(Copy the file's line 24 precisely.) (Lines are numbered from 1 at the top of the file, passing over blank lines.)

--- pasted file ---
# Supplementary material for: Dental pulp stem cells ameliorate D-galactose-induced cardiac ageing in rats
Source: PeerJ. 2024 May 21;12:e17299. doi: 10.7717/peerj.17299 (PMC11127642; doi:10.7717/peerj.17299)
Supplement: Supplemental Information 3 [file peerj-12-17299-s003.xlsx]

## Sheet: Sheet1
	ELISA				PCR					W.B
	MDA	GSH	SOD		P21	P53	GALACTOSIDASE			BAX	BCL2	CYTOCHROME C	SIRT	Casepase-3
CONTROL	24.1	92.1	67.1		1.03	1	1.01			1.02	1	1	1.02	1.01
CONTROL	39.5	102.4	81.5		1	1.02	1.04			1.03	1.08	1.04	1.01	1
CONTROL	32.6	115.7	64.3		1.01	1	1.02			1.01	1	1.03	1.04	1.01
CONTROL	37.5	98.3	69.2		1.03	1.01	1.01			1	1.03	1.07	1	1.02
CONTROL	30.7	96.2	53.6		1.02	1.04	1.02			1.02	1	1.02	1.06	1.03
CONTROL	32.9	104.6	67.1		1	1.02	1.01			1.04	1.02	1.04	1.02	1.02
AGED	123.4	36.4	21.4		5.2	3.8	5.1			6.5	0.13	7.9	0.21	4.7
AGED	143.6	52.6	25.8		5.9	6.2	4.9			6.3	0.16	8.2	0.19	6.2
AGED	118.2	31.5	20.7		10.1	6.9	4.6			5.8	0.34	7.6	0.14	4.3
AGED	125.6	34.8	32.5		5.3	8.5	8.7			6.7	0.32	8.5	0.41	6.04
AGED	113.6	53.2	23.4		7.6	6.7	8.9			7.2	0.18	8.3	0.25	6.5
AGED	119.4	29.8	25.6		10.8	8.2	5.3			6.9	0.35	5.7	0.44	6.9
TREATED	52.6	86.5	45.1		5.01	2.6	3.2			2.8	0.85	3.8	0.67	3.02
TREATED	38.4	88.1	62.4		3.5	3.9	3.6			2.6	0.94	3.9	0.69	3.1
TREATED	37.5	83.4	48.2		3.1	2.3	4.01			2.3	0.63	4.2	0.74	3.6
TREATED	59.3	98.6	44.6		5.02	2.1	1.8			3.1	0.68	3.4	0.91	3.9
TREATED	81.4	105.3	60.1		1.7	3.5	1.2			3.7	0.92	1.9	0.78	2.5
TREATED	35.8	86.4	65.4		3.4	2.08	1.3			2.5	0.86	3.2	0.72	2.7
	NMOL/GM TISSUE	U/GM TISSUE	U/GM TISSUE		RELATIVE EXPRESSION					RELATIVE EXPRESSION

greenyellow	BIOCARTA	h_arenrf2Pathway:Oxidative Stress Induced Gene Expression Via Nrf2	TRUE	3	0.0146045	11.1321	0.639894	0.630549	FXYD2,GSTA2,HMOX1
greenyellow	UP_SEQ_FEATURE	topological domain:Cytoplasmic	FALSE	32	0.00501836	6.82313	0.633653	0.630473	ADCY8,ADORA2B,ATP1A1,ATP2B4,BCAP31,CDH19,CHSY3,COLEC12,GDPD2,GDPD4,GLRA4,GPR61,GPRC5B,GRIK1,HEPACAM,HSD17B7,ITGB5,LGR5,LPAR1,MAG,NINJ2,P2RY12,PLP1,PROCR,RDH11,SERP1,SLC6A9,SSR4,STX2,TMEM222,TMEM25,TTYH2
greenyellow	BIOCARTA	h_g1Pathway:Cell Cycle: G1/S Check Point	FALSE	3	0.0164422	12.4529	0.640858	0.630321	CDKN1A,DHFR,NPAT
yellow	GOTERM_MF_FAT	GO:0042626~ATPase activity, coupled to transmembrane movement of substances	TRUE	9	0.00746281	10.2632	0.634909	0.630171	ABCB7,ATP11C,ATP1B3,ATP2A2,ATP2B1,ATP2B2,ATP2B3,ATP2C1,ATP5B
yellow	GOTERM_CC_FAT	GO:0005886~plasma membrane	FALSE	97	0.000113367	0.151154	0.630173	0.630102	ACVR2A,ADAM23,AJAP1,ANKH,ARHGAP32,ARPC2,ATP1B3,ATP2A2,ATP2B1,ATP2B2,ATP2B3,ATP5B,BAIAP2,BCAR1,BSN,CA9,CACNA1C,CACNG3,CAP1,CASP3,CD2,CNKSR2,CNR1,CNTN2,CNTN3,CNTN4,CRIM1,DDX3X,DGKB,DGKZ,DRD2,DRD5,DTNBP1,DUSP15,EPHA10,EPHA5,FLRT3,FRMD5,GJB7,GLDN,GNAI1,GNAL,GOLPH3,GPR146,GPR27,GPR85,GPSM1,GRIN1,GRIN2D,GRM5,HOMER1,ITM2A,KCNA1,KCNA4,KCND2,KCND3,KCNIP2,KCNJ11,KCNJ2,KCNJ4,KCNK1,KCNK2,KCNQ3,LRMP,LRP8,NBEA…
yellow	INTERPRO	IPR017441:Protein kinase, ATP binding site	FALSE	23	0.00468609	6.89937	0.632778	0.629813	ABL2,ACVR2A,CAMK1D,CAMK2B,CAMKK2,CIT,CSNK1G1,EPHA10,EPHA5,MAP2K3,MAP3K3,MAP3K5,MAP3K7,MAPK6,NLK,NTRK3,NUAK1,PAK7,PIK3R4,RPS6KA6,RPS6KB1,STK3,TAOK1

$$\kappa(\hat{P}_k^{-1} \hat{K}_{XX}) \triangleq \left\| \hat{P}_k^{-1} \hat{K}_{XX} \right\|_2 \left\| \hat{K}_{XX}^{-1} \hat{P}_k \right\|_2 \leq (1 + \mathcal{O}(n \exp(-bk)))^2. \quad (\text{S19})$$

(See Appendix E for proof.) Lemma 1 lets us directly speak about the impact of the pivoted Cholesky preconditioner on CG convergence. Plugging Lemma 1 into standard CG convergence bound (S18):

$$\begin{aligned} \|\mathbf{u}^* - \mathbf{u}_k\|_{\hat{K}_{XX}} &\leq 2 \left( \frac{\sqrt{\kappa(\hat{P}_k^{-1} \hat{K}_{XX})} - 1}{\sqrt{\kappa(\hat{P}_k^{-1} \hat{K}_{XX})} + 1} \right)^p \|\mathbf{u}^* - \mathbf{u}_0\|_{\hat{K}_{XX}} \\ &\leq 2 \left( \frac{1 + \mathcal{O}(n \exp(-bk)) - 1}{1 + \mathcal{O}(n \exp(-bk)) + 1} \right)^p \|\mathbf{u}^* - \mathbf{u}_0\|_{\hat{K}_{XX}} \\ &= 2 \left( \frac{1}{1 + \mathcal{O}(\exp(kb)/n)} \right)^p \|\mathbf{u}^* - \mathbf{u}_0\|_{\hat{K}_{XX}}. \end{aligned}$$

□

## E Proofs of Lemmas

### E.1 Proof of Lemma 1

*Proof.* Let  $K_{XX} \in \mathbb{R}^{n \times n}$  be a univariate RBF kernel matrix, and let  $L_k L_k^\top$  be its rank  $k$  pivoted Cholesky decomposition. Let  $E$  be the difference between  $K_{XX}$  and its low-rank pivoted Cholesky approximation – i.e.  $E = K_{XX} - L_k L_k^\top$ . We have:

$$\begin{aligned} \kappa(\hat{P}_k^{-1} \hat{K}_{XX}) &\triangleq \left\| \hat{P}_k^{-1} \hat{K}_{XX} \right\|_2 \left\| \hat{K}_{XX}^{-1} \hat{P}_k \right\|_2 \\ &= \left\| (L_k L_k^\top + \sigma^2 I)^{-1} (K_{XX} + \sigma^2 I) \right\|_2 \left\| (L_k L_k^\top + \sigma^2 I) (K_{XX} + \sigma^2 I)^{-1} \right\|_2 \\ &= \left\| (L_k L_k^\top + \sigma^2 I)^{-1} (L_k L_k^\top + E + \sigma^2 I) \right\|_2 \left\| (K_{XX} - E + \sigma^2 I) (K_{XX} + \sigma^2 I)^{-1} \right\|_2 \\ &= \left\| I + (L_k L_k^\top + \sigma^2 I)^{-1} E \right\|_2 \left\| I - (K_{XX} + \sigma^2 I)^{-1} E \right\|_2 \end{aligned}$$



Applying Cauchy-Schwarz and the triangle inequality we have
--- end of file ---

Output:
TREATED	35.8	86.4	65.4		3.4	2.08	1.3			2.5	0.86	3.2	0.72	2.7